THE ROLE OF KMRC IN UNLOCKING KENYA’S SECONDARY MORTGAGE MARKET
The housing pressure in Kenya is huge driven by rapid population growth and urbanization rates, and therefore, maturity of the mortgage market is critical now more than ever. A mature mortgage market consists of a primary market, a secondary market and investors. The primary market’s role is to originate loans and is made up of lenders such as banks, credit unions, Co-operative Societies and mortgage banking institutions.
The secondary markets or the mortgage reﬁnancing market is the arena in which these loans are transferred and packaged as securities. The main function of the secondary market is to get money to lenders in the primary market so they can loan it to consumers. Lastly, the investors purchase the mortgage-backed securities, thus, creating capital needed to make mortgage loans. Typical investors are institutional investors such as pension funds and insurance ﬁrms. In Kenya, it is expected that the Kenya Mortgage Reﬁnance Company (KMRC) will facilitate the ﬂow of funds for real estate ﬁnancing by unlocking the secondary mortgage market. As it is, banks are the main mortgage loan providers in Kenya. According to statistics from Central Bank of Kenya, 77.5% of all mortgage lending in 2017 was originated by only 13.6% of the banks in the country.
The reluctance by banks to offer mortgages is largely attributable to the short-term nature of their liquidity which mainly comes from bank deposits, leading to asset-liability mismatch as mortgage tenures tend to be longer. On the end-buyer side, an inefficient land and property titling system affects mortgage credibility for home-buyers coupled by relatively low incomes. Consequently, the country’s mortgage portfolio is relatively small with CBK reporting a paltry 26,187 mortgages as at 2017 out of an adult population of twenty-three million adults. Majority of the loans are also limited to the upper middle- and high-end-in come classes. An average mortgage size of 10.9 million shillings and a tenure of 12 years attracts an average interest rate of 13.6%. Such a mortgage requires monthly payments of 153,905 shillings, in addition to incidental costs.
This means that only the 2.9% of Kenyans who earn above 100,000 shillings per month can afford a mortgage in the current market rates (assuming that these households have two partners earning that much – also a highly unlikely factor). With a median income of 50,000 shillings per month, majority of Kenyans can only afford to service a mortgage of 2.8 million shillings and below. The sector’s contribution to GDP is also relatively low at 3.1% in comparison to markets such as South Africa, Namibia, Morocco, and Tunisia with 31%, 15%, and 13%, respectively. This calls for novel solutions and initiatives. Mortgage reﬁnancing companies (MRCs) are set up to address the liquidity issue, by using set up to address the liquidity issue, by using set up to address the liquidity issue, by using funds to support the lending activities of mortgage lenders in a sustainable manner.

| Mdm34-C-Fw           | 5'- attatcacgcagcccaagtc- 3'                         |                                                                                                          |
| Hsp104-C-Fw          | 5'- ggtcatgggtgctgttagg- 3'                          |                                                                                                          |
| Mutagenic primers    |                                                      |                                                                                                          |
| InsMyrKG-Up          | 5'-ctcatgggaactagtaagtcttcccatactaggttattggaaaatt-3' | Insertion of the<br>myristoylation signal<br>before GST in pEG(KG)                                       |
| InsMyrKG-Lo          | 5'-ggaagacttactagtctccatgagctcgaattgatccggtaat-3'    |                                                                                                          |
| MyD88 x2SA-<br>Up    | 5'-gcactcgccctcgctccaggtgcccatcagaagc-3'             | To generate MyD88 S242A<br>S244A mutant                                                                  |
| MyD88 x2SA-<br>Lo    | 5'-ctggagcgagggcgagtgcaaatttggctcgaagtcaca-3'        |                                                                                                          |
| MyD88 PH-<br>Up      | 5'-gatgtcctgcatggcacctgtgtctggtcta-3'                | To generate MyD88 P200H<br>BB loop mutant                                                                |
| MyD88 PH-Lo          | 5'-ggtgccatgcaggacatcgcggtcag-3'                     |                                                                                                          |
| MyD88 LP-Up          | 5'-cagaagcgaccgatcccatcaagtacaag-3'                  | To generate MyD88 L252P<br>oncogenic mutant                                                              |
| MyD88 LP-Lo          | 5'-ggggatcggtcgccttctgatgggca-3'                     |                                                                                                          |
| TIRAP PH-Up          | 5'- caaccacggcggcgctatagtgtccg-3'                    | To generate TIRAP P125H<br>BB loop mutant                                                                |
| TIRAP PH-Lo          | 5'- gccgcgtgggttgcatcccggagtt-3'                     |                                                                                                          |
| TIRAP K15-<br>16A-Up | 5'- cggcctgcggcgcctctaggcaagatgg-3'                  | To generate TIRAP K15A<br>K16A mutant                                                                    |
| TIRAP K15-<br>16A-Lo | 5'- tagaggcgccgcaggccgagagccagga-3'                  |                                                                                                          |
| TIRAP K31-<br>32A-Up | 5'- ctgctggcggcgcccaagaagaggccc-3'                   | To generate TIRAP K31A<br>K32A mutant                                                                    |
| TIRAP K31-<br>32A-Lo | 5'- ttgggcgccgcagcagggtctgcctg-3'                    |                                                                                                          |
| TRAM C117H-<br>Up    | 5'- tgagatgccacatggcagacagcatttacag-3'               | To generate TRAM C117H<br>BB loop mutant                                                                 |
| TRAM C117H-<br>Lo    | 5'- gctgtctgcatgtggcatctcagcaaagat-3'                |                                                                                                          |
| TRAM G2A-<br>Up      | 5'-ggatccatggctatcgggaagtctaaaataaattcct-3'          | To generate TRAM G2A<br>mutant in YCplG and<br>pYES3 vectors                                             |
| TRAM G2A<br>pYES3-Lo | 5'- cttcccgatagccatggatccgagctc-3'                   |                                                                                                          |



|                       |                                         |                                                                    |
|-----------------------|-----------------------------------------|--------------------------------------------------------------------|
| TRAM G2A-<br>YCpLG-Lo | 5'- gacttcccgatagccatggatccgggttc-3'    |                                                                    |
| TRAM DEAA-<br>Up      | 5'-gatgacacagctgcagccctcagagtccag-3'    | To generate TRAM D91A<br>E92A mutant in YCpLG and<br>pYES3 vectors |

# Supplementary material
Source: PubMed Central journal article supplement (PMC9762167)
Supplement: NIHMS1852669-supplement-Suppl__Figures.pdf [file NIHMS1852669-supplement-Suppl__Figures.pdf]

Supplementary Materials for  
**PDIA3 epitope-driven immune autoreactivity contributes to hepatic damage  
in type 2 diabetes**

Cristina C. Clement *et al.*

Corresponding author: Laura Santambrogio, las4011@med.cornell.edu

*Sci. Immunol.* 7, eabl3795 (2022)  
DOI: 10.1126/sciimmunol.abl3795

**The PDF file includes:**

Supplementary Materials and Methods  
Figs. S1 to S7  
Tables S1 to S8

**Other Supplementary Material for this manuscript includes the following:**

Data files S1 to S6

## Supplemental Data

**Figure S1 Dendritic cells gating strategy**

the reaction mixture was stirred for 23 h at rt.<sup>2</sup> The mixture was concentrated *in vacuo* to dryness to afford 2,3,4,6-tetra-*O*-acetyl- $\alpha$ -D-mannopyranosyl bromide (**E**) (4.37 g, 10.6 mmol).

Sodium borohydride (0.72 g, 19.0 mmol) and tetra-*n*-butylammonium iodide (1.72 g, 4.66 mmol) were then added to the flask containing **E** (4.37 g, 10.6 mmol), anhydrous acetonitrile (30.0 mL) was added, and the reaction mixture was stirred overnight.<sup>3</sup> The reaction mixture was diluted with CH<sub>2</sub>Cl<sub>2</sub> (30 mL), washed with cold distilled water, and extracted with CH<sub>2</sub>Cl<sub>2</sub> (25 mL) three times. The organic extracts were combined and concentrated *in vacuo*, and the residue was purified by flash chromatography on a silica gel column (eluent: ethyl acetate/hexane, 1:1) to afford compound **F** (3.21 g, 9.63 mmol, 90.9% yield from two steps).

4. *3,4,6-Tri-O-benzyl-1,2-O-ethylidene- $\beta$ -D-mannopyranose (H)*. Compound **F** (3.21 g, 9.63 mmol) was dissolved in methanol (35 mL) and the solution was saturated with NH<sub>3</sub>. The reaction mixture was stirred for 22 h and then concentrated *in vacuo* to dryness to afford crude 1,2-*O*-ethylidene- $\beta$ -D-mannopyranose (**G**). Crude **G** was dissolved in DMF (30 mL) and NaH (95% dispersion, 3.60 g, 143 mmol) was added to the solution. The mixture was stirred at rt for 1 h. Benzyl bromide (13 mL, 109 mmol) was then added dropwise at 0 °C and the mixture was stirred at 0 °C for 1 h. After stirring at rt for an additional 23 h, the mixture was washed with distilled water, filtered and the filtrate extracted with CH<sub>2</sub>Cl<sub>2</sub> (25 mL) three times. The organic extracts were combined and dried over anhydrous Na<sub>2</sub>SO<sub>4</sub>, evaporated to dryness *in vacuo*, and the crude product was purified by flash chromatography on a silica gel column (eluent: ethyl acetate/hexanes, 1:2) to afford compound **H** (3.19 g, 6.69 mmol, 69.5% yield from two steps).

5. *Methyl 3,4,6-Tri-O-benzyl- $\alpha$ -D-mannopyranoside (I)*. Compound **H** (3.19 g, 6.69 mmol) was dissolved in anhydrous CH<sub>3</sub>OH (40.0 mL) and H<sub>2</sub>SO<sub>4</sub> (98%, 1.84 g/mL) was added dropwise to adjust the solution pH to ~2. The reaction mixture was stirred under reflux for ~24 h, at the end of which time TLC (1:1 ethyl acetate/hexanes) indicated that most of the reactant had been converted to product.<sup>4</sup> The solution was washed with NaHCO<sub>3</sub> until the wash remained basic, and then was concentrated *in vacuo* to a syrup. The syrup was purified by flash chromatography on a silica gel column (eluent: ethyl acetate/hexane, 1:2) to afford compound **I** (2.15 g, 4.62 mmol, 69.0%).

The increased liquidity also helps to reduce risk premiums on mortgages for borrowers. A mortgage reﬁnancing company takes mortgage portfolios from primary lenders such as banks by either extending wholesome loans collateralized by the mortgages or directly buying the mortgage portfolios, where the primary mortgage lender is bound to replace defaulted mortgage loans. The mortgage reﬁnancing company then packages the portfolios into securities such as bonds and issues these in the capital market, with typical clients being private institutions, pension funds, insurance ﬁrms, and so forth. To attract investors, the mortgage-backed securities typically offer higher interest rates in comparison to government securities. To make sure that the securities and the underlying mortgages match in duration, the MRC manages its balance sheet by turning over its debt through extension of medium-term loans.
In Africa, mortgage refinancing companies exist in countries like Tanzania, Nigeria and Egypt, where they have been able to expand the respective mortgage markets. In Tanzania, the mortgage portfolio grew by 206.1% between 2011 and 2017 since the inception of the Tanzania Mortgage Refinancing Company (TMRC) with mortgage tenures growing from an average of 5-7 years before the institution was formed to an average of 15-25 years as at 2018. Meanwhile, Nigeria’s mortgage portfolio grew by 82.6% between 2010 and 2016 with mortgage tenures increasing from an average of 5-10 years to 15-20 years following the establishment of the Nigeria Mortgage Refinancing Company (NMRC).
We hope that once operational, the KMRC will lengthen mortgage tenures to at least 20 years which should bring down mortgage monthly payments by 14% assuming interest rates remain 13.6%. Overall, we expect that the impact of mortgage refinancing companies will be critical for the development of mortgage sector and the overall economy in Kenya, especially in making mortgages affordable to lower mid-income earners. Additionally, the availability of long-term fixed rates can help provide a degree of certainty which can help the real estate markets develop with confidence.
Wacu Mbugua is a Research Analyst at Cytonn